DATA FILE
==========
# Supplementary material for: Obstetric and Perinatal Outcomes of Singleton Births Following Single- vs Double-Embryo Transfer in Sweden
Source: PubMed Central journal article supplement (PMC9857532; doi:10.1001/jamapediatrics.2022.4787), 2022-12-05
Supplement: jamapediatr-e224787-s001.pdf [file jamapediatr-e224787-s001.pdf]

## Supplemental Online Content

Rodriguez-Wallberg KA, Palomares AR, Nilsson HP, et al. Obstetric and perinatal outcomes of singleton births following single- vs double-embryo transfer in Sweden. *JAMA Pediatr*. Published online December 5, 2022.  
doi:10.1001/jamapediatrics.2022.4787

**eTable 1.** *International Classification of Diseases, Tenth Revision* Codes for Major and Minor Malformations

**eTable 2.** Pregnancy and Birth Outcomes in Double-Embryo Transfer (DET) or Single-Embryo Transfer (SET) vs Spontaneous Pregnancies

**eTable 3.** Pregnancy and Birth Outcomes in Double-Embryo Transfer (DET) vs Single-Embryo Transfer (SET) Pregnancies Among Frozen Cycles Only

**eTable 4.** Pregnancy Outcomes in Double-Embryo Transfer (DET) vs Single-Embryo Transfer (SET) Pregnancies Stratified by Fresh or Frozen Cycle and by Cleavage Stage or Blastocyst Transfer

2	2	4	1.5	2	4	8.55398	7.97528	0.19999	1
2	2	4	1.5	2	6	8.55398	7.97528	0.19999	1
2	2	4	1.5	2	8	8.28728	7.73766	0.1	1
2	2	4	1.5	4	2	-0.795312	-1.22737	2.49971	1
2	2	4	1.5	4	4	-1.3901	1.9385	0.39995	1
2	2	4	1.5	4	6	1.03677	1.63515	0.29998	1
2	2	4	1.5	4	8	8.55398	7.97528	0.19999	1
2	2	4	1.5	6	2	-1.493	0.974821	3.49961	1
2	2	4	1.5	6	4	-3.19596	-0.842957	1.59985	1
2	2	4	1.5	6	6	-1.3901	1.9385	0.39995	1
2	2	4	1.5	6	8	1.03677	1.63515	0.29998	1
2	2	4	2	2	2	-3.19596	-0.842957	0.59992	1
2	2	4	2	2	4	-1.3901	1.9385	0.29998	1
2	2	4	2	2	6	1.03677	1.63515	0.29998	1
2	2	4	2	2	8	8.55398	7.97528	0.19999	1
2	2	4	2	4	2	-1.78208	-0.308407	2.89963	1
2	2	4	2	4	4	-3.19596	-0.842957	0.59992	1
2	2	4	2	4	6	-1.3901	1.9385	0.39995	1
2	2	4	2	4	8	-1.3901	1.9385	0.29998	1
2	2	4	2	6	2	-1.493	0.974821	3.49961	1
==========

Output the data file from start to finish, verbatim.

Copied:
# Supplementary material for: Obstetric and Perinatal Outcomes of Singleton Births Following Single- vs Double-Embryo Transfer in Sweden
Source: PubMed Central journal article supplement (PMC9857532; doi:10.1001/jamapediatrics.2022.4787), 2022-12-05
Supplement: jamapediatr-e224787-s001.pdf [file jamapediatr-e224787-s001.pdf]

## Supplemental Online Content

Rodriguez-Wallberg KA, Palomares AR, Nilsson HP, et al. Obstetric and perinatal outcomes of singleton births following single- vs double-embryo transfer in Sweden. *JAMA Pediatr*. Published online December 5, 2022.  
doi:10.1001/jamapediatrics.2022.4787

**eTable 1.** *International Classification of Diseases, Tenth Revision* Codes for Major and Minor Malformations

**eTable 2.** Pregnancy and Birth Outcomes in Double-Embryo Transfer (DET) or Single-Embryo Transfer (SET) vs Spontaneous Pregnancies

**eTable 3.** Pregnancy and Birth Outcomes in Double-Embryo Transfer (DET) vs Single-Embryo Transfer (SET) Pregnancies Among Frozen Cycles Only

**eTable 4.** Pregnancy Outcomes in Double-Embryo Transfer (DET) vs Single-Embryo Transfer (SET) Pregnancies Stratified by Fresh or Frozen Cycle and by Cleavage Stage or Blastocyst Transfer

2	2	4	1.5	2	4	8.55398	7.97528	0.19999	1
2	2	4	1.5	2	6	8.55398	7.97528	0.19999	1
2	2	4	1.5	2	8	8.28728	7.73766	0.1	1
2	2	4	1.5	4	2	-0.795312	-1.22737	2.49971	1
2	2	4	1.5	4	4	-1.3901	1.9385	0.39995	1
2	2	4	1.5	4	6	1.03677	1.63515	0.29998	1
2	2	4	1.5	4	8	8.55398	7.97528	0.19999	1
2	2	4	1.5	6	2	-1.493	0.974821	3.49961	1
2	2	4	1.5	6	4	-3.19596	-0.842957	1.59985	1
2	2	4	1.5	6	6	-1.3901	1.9385	0.39995	1
2	2	4	1.5	6	8	1.03677	1.63515	0.29998	1
2	2	4	2	2	2	-3.19596	-0.842957	0.59992	1
2	2	4	2	2	4	-1.3901	1.9385	0.29998	1
2	2	4	2	2	6	1.03677	1.63515	0.29998	1
2	2	4	2	2	8	8.55398	7.97528	0.19999	1
2	2	4	2	4	2	-1.78208	-0.308407	2.89963	1
2	2	4	2	4	4	-3.19596	-0.842957	0.59992	1
2	2	4	2	4	6	-1.3901	1.9385	0.39995	1
2	2	4	2	4	8	-1.3901	1.9385	0.29998	1
2	2	4	2	6	2	-1.493	0.974821	3.49961	1